Employees at an Amazon warehouse on New York’s Staten Island voted Friday to join a union, a groundbreaking move for organized labor and a stinging defeat for the e-commerce giant, which has aggressively fought unionization efforts at the company.
The tally was 2,654 votes in favor of joining the union and 2,131 opposed. Approximately 8,325 workers were eligible to vote whether to become part of the Amazon Labor Union. There were 67 challenged ballots, a gap that’s too narrow to change the outcome of the election. The results still need to be formally certified by the National Labor Relations Board.
The Staten Island facility, known as JFK8, is Amazon’s largest in New York and now has the distinction of being the first in the U.S. to unionize despite workers having to stare down a hefty anti-union campaign. Amazon papered the walls at JFK8 with banners that proclaimed “Vote No,” set up a website and held weekly mandatory meetings. It even hired an influential consulting and polling firm with close ties to Democratic political groups, and touted its own benefits over those offered by unions.
By voting in the Amazon Labor Union, Staten Island workers could challenge Amazon’s current labor model, which is the backbone of its Prime two-day shipping promise. Unions stand to disrupt the level of control that Amazon exerts over its warehouse and delivery employees, like their ability to unilaterally set the pace of work and hourly wages, labor experts previously told CNBC.
The ALU has called for Amazon to put in place “more reasonable” productivity rates in the warehouse. It’s also urging the company to raise wages, as well as give workers more paid breaks and vacation, among other demands.
The ALU was an unlikely contender to win the first unionized Amazon warehouse. Started in 2021, it’s a grassroots, worker-led organization that’s largely depended on crowdsourced donations from a GoFundMe account to fund organizing activities.
ALU is led by Christian Smalls, a former JFK8 manager, who was fired by Amazon in 2020 after the company claimed he violated social distancing rules. Smalls argued he was fired in retaliation for staging a protest in the early weeks of the coronavirus pandemic to call for stronger safety measures.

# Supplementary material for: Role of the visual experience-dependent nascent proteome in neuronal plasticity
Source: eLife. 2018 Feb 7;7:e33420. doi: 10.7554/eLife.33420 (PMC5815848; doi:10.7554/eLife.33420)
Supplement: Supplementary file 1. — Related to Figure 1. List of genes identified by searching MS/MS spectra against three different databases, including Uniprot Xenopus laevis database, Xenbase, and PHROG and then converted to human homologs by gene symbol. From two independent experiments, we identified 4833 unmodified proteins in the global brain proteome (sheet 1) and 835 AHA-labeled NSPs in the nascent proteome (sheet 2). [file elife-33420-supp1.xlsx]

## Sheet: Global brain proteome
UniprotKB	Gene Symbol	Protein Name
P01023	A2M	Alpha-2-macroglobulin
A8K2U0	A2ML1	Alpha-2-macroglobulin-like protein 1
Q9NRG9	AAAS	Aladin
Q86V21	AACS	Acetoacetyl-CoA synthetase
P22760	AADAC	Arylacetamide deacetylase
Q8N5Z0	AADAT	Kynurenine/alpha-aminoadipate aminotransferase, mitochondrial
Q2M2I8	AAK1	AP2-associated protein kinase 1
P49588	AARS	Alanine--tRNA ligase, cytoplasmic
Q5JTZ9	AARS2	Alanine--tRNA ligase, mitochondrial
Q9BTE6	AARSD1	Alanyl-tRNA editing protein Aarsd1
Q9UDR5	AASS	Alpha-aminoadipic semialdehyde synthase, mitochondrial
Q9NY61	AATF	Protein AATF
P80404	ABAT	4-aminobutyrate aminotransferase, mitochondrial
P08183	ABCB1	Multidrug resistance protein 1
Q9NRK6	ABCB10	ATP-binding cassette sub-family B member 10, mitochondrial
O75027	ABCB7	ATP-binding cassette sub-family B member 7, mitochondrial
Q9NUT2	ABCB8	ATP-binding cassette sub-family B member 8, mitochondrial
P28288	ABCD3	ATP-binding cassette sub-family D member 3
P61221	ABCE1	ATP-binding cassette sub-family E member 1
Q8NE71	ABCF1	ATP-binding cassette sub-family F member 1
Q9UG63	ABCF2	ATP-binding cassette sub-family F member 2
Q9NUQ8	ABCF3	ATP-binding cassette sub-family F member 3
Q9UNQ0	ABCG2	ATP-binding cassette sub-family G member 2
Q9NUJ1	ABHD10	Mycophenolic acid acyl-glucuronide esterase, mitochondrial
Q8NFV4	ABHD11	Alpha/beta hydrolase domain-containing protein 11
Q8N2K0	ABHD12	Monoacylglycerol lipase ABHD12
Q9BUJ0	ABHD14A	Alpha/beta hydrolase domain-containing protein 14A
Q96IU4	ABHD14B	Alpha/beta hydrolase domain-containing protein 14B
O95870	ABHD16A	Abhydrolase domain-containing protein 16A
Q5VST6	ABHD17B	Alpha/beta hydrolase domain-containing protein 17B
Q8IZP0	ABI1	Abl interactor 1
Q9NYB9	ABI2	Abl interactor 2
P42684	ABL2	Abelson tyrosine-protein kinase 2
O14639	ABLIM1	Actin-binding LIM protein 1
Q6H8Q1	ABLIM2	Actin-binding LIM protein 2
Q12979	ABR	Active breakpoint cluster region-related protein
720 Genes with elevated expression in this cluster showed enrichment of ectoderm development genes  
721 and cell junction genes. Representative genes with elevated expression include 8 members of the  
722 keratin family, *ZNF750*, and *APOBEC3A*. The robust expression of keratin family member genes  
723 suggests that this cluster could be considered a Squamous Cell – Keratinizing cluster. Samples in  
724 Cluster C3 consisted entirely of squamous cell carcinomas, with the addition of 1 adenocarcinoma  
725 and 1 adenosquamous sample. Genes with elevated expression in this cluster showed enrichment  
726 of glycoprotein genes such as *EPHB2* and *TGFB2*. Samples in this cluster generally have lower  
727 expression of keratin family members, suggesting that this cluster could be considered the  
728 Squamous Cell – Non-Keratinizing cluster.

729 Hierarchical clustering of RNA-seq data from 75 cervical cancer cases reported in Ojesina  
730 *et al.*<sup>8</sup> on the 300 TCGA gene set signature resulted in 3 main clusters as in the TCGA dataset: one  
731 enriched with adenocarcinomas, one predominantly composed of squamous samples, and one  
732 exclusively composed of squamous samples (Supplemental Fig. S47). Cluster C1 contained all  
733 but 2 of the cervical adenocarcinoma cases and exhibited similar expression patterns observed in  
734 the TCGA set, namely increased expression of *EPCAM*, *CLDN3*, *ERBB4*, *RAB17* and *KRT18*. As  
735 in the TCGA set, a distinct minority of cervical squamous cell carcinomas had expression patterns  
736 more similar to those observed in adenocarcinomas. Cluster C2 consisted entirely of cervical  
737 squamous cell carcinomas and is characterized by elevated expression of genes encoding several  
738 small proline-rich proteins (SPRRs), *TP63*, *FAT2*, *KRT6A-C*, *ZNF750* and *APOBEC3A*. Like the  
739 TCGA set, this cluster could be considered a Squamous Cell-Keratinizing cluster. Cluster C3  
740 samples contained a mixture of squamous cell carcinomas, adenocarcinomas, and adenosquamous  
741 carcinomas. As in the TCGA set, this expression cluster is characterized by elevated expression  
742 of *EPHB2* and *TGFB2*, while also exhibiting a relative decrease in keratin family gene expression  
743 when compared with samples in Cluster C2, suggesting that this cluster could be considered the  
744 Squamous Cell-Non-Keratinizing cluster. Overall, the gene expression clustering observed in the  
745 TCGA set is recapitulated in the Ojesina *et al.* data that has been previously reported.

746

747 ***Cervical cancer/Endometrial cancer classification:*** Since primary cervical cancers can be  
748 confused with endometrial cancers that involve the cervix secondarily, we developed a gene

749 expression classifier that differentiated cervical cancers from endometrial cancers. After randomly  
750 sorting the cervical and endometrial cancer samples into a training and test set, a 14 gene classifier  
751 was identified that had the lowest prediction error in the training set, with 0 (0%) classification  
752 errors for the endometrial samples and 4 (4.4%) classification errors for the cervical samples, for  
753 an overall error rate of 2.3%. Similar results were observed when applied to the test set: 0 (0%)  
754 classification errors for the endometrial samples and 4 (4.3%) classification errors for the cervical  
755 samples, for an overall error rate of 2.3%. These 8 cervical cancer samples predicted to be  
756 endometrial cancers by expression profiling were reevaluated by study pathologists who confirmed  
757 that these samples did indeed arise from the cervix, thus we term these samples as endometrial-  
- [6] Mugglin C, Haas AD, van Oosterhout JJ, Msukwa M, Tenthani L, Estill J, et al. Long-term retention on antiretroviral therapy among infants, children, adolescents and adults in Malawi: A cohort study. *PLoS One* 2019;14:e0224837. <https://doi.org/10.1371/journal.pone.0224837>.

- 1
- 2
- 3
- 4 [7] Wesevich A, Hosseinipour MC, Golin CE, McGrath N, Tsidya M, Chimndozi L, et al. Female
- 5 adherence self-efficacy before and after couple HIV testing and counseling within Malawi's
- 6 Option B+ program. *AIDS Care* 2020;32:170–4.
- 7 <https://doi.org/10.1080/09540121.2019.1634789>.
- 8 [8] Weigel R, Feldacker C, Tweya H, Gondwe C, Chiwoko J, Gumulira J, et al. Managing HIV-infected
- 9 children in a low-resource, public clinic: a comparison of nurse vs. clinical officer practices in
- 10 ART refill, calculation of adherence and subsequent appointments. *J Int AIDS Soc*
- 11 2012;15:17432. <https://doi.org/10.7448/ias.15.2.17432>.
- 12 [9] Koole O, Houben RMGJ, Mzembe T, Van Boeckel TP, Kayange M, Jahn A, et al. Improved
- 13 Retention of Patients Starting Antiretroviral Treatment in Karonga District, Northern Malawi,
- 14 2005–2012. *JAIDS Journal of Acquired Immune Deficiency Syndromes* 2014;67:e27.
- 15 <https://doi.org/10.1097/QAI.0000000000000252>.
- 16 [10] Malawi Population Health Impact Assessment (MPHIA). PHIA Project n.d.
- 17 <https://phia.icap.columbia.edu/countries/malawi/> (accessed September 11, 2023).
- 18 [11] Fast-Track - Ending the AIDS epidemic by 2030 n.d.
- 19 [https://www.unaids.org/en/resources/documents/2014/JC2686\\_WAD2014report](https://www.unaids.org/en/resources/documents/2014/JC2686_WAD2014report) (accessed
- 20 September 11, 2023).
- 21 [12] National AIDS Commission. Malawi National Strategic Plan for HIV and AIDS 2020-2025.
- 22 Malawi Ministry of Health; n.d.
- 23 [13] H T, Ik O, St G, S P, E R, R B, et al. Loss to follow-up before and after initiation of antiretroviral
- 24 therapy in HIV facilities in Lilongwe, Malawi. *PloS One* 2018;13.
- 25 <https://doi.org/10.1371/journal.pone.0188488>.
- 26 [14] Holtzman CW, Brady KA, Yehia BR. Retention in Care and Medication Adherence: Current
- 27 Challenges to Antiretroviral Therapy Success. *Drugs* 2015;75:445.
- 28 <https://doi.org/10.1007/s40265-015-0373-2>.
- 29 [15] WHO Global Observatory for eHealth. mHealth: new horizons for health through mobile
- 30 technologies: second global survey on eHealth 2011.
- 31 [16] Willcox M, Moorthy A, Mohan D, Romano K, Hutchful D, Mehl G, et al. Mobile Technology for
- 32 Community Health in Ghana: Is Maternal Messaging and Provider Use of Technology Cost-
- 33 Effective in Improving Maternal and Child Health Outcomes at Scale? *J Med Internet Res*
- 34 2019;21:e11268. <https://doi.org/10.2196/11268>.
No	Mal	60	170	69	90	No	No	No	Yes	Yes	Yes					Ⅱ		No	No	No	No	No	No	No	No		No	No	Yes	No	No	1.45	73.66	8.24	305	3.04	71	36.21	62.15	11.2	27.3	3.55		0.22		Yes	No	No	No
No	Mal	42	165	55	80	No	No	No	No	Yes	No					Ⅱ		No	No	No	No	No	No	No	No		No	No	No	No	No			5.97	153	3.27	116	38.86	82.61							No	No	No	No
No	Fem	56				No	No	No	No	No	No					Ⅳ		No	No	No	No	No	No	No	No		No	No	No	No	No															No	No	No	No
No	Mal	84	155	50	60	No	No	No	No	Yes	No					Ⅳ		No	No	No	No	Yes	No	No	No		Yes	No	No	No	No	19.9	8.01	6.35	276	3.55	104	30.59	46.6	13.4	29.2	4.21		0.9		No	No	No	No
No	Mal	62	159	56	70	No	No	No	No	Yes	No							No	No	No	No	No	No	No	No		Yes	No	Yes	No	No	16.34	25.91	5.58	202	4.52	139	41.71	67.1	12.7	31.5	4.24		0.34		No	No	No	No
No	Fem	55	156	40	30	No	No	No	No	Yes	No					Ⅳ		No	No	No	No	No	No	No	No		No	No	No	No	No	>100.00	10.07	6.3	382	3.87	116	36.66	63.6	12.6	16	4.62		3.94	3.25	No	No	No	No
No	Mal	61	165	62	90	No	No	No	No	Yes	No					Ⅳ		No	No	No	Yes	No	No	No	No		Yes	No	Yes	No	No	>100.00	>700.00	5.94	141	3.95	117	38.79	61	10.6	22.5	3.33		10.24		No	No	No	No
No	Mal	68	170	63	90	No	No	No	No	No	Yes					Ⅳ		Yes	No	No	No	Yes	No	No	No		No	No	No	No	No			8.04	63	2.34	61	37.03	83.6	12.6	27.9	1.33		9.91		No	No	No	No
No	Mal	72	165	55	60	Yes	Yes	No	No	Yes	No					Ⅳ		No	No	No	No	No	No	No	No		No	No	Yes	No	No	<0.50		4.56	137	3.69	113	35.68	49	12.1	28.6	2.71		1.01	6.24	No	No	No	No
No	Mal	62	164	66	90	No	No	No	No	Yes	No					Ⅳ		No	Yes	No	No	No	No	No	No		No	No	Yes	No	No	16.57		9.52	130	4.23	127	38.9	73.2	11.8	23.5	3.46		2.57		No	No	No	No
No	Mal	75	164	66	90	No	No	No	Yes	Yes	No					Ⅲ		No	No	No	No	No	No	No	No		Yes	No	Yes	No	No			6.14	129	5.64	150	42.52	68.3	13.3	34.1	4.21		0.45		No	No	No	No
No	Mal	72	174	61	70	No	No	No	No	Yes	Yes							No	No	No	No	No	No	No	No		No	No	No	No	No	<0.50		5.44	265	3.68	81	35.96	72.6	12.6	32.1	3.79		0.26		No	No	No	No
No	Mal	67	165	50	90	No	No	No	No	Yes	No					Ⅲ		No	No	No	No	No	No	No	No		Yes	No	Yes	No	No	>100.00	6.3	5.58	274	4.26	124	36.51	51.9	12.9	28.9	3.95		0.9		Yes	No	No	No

Smalls quickly became a leader of worker activism at Amazon and elsewhere. He spoke out at rallies criticizing Amazon’s labor record, and at one memorable protest, set up a guillotine outside Amazon founder Jeff Bezos’ Washington, D.C., mansion to call for higher wages.
Amazon executives took notice of Smalls’ activism. A leaked memo obtained by Vice revealed David Zapolsky, Amazon’s general counsel, had referred to Smalls as “not smart or articulate” in a meeting with the company’s top executives, an incident that further angered critics of Amazon’s labor practices.
Amazon still faces another labor battle at its Bessemer, Alabama, warehouse. The NLRB called for a do-over election last November after it determined Amazon improperly interfered in the first election, which was held last spring.
Worker activism inside Amazon has surged since the Covid pandemic hit the U.S. in early 2020. Before the first election in Bessemer, the last substantial union vote at a U.S. Amazon facility took place at a Delaware warehouse in 2014, when a group of repair technicians voted 21 to 6 against joining the International Association of Machinists and Aerospace Workers.
The vote tally in Bessemer wrapped up on Thursday, but the outcome is still too close to call. There were 993 votes opposing the union and 875 in favor. The outcome hinges on some 416 ballots remain that remain challenged by Amazon and the RWDSU. The NLRB will set a hearing in the coming weeks to determine whether the ballots will be opened and counted.